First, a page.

Since I have titled my personal Blog after a style of wine, I felt it was my responsibility to share my passion and explain why this type of wine is worth searching out. Anyone who truly appreciates fine wine, loves to explore and stretch their palate, but does not explore cool-climate styles… is missing the grail… when it was right there in front of them the whole time.
Hot and sunny afternoons are great, but mornings and nights MUST be cool and foggy. Produces killer wines. Nice acidity and slightly lower alcohol with complex flavors. Absolutely top notch. Not every varietal can handle this kind of treatment. Forget Cabernet Sauvignon and Zinfandel, but Pinot Noir, Syrah, Chardonnay and Riesling all truly benefit from this type of climate. Match that with a great vineyard site and you have world-class terroir. Put a professional winemaker in the mix and you will have the best wines in the world!
Some of the best Cool Climate vineyard sites in the world are in these areas: Burgundy, Alto-Adige, Mosel, Mendocino, Carneros, Santa Barbara, Santa Cruz, Monterey, Central Otago, etc.
My wife and I have visited so many U.S. wineries over the last 20 years, we are well beyond keeping track. Trips to Italy have provided an overview of the producers there too. France is next on the Bucket List. There have been numerous beautiful vineyards, amazing architecture and wonderful people along the way. During Wine Travel, you meet some of the most interesting and passionate people, while having some of the most relaxing and romantic experiences. I would recommend wine country vacations to anyone.
My Wine Tasting Notes:
On CellarTracker: http://www.cellartracker.com/list.asp?Table=Notes&iUserOverride=181440#selected%3DW1317018_1_K7fc9adcf7c08f61a21eb266bb4873b26
My Personal Wine Blog: www.coolclimatewine.net
My Professional Profile and Public Footprint:
Facebook: www.facebook.com/The Wine DOCG
Twitter Handle: @douglasjlevin
4 responses to “Does Cool-Climate Terroir Matter?”
Hello Doug, thank you for this post explaining cool-climate wines and your passion for them. Our trade show is an international cool-climate wine exhibition. You can check out our site if you’d like to learn more about the cool-climate wines of France, since you said it was on your to-explore list:)
Two questions: do you think cool-climate wines are growing in popularity with Americans? And, if so, is climate change a factor influencing that taste trend?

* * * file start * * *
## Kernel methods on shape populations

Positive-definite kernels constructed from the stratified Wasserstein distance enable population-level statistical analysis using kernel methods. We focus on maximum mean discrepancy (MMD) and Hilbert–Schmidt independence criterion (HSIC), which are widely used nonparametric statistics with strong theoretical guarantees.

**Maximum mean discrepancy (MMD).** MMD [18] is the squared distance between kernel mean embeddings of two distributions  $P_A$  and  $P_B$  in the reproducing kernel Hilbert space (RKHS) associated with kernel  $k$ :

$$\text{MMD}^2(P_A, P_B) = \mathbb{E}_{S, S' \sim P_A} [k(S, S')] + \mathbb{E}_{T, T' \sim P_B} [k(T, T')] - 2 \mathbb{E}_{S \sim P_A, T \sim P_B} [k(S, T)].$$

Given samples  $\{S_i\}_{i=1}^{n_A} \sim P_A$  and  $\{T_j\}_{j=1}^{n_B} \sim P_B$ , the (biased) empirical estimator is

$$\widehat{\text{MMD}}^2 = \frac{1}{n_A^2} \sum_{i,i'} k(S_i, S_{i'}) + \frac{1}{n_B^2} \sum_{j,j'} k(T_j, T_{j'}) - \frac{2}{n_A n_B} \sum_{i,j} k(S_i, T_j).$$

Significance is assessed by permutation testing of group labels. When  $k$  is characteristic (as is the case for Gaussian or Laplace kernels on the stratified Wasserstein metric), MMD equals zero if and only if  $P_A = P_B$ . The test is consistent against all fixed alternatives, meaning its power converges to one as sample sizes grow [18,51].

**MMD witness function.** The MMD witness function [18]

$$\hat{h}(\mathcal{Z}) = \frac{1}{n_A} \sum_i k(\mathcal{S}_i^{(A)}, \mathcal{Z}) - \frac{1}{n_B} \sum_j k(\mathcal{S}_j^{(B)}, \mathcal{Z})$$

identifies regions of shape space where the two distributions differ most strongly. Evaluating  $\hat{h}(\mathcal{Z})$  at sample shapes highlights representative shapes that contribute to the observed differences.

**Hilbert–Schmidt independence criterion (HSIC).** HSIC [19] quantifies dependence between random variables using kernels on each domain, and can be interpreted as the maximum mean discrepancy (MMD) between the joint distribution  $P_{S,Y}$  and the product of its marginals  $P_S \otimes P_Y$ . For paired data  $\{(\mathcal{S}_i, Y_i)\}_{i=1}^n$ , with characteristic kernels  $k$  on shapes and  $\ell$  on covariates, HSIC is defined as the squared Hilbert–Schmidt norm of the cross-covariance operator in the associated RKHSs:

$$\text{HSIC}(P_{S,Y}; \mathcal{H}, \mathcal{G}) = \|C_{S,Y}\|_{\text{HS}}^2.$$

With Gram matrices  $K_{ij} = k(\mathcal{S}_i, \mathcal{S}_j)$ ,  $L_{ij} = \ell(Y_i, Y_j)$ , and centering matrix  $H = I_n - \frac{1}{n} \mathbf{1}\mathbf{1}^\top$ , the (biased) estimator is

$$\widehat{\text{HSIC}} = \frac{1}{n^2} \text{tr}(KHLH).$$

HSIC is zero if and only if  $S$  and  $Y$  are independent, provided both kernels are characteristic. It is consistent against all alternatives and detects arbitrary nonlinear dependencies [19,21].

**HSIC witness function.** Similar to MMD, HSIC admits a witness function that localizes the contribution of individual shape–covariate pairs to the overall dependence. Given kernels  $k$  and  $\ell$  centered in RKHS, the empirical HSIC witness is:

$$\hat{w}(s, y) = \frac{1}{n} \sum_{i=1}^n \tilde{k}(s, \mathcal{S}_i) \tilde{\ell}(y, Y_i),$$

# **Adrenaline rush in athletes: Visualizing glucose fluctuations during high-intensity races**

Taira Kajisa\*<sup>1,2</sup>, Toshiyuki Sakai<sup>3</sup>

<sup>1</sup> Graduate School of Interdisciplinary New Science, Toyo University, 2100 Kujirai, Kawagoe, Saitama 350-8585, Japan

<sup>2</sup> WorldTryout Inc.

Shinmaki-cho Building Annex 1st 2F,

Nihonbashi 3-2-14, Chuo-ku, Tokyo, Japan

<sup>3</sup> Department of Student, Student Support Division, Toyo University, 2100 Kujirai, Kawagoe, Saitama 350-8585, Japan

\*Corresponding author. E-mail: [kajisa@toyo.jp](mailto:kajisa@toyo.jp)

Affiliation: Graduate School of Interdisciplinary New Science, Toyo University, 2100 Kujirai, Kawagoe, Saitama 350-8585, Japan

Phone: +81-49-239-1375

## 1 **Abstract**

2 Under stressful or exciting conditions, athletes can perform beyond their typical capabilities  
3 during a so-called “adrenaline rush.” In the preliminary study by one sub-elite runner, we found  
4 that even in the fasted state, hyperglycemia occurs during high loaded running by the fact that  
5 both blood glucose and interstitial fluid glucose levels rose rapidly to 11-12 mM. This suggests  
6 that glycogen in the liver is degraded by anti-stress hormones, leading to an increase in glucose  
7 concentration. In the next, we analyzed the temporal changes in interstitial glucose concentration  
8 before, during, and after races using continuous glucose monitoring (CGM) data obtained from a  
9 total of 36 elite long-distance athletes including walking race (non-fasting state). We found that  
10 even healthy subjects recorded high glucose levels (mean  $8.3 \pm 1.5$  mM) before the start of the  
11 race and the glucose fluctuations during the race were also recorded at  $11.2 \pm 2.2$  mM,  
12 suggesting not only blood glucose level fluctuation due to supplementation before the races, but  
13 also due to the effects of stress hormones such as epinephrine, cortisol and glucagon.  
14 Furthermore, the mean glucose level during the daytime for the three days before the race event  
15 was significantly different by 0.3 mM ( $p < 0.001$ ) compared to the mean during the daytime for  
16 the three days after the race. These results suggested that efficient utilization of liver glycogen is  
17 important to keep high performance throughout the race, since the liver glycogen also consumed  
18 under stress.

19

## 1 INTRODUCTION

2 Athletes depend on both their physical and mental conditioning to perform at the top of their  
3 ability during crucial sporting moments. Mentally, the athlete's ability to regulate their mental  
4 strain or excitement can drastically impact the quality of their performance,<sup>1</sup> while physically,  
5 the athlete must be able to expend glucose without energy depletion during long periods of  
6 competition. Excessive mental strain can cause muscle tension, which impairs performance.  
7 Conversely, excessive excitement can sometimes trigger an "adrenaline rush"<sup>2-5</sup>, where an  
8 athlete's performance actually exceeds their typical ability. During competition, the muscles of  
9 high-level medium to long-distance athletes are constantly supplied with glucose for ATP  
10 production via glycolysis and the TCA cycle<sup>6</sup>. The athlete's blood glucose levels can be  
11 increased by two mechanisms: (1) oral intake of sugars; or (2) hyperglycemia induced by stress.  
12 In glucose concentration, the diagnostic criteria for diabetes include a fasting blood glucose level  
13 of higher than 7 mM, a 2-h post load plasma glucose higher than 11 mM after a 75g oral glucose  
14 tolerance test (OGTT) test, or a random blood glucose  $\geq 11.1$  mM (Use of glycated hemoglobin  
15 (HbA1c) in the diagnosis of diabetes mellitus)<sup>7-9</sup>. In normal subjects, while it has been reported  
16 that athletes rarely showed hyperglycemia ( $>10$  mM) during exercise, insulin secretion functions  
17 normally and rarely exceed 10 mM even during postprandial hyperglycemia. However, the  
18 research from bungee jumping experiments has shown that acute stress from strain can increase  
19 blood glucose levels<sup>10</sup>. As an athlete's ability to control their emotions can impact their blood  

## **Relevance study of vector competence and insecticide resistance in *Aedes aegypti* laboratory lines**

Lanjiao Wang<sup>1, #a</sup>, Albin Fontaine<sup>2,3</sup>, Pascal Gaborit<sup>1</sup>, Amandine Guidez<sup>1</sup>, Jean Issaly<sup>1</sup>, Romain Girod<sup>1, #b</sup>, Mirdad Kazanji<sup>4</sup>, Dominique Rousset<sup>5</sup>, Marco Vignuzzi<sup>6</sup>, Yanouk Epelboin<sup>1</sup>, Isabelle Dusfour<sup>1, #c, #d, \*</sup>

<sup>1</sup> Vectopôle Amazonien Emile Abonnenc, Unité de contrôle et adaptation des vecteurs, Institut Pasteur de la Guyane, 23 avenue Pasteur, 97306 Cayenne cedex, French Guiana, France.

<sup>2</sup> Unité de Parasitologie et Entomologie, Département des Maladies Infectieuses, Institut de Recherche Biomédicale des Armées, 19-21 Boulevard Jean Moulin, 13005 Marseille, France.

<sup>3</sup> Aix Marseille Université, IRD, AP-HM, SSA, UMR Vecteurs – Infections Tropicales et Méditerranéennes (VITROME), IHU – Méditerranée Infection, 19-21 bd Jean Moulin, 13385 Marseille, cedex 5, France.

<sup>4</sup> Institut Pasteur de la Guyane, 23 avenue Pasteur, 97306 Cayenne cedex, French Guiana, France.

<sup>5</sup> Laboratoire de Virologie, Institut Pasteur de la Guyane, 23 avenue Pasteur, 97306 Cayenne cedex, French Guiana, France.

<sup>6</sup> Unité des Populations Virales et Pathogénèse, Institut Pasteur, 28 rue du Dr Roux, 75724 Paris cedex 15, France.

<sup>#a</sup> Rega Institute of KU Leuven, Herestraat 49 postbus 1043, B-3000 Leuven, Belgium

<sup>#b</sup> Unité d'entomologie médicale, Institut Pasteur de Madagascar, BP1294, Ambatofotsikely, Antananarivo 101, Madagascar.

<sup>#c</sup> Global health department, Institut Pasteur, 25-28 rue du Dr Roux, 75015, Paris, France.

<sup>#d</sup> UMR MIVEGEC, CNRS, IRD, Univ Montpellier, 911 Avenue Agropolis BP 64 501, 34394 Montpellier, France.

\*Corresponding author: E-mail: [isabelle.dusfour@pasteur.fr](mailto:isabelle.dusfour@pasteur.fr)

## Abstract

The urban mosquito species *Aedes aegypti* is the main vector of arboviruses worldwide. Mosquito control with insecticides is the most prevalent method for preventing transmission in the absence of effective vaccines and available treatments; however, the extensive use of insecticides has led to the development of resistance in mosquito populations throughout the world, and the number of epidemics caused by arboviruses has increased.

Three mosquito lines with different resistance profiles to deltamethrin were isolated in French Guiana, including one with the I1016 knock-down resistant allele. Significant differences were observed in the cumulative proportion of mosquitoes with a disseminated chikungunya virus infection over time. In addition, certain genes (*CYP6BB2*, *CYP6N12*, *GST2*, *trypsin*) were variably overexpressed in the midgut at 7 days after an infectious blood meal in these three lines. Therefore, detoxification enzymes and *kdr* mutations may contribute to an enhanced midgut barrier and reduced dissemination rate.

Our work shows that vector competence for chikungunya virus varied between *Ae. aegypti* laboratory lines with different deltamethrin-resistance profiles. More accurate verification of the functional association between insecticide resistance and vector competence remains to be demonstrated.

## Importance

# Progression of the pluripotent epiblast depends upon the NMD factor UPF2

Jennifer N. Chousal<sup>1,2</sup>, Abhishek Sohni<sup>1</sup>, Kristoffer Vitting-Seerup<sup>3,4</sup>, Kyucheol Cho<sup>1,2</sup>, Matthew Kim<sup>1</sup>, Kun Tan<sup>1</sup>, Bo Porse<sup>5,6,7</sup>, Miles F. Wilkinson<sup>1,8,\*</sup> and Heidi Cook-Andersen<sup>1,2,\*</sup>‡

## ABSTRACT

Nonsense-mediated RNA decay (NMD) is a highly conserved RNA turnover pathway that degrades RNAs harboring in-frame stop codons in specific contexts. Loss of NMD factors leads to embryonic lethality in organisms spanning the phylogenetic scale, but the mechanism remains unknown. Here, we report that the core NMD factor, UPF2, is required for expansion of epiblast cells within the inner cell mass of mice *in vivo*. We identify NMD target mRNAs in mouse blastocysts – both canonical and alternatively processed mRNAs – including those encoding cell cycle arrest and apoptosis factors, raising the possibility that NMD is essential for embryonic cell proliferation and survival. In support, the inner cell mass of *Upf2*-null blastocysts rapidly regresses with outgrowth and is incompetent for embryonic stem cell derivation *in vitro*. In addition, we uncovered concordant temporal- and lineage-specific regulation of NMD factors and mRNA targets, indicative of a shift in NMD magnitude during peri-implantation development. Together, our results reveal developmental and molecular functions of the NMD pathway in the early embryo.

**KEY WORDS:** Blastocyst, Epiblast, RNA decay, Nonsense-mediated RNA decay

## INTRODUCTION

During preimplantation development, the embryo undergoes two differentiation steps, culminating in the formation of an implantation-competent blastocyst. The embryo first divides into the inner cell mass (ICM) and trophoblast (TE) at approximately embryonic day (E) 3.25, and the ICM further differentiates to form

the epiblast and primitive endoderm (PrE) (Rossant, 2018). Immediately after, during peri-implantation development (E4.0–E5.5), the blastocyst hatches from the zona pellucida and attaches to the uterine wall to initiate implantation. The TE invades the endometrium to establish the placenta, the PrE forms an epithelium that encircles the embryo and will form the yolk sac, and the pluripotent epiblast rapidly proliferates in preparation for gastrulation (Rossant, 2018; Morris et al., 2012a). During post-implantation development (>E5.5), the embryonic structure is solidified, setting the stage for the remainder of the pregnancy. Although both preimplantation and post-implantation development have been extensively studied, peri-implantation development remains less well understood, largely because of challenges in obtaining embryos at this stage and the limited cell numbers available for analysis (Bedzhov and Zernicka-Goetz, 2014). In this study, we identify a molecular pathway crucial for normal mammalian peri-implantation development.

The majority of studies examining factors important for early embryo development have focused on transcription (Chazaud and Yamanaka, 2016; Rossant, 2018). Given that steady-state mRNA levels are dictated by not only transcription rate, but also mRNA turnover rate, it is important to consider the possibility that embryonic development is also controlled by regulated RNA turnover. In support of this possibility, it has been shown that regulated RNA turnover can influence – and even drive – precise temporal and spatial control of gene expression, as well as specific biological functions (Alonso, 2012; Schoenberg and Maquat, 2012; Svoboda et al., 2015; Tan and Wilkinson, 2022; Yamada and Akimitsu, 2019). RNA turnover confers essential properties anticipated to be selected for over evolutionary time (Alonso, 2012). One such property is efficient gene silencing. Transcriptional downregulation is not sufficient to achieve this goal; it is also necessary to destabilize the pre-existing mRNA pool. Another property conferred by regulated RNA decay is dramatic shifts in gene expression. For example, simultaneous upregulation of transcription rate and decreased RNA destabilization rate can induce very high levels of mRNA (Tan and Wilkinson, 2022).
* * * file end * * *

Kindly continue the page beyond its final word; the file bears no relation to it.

Elizabeth Meaney, VinoVision Paris
Elizabeth, thanks for reaching out. This was an old post, so I updated it a bit, due to your comments.
My three favorite white wine areas in the world are the Loire, Burgundy and Champagne locations. This may sound crazy to you, but I believe white wine requires more wine making/growing experience than reds. It is much easier to hit you over the head (red), than produce delicate and nuanced wines (white).
Answer to your first question: Reds no. Whites yes. I believe the American palate is unlikely to identify any wine that is not fruit-forward as preferred. As wine-food pairing is growing in popularity here, awareness of French white wines is growing.
Answer to your second question: No. For now, California winemakers are finding methods to lessen the impact of climate change that are permitted here. As long as chemistry can address this issue, it will be several decades before Napa will need to replant with Southern Rhone varietals instead of Bordeaux (for example).
Douglas, I enjoy your blog but to discuss cool-climate terrior and not mention the Columbia Vally strikes me as strange given that it is producing 6% of the wine made in America.and has perhaps the greatest varience of day-night tempertures ( about 40 degrees) than any other region.
Allen, you are 100% right. There are reasons though. WA has many quality producers, but they do not consistently match my palate. If this blog was my profession, rather than my passion, I would approach the issue in a more representative fashion. I write about domestic wines that capture that passion: Napa Cab Sauv and Merlot, Italian Barbaresco, Brunello & Super Tuscans, Sonoma Pinot Noir and Chard and Central Coast Syrah, GSM, Cab Franc and Pinot Noir. Willamette Valley makes great Pinot Noir, but I just don’t visit there often enough. I enjoy MANY French and Italian cool climate wines. Yakima Valley, WA produces my favorite domestic dry Riesling and Walla Walla Valley, WA some Syrah, but I think Cayuse may influence the pricing in the area too greatly (poor QPR). So, until the readers, or the industry comes knocking at my door requesting it, I will continue to write about the wines I drink and the areas I know. I respect your question and it is very valid.
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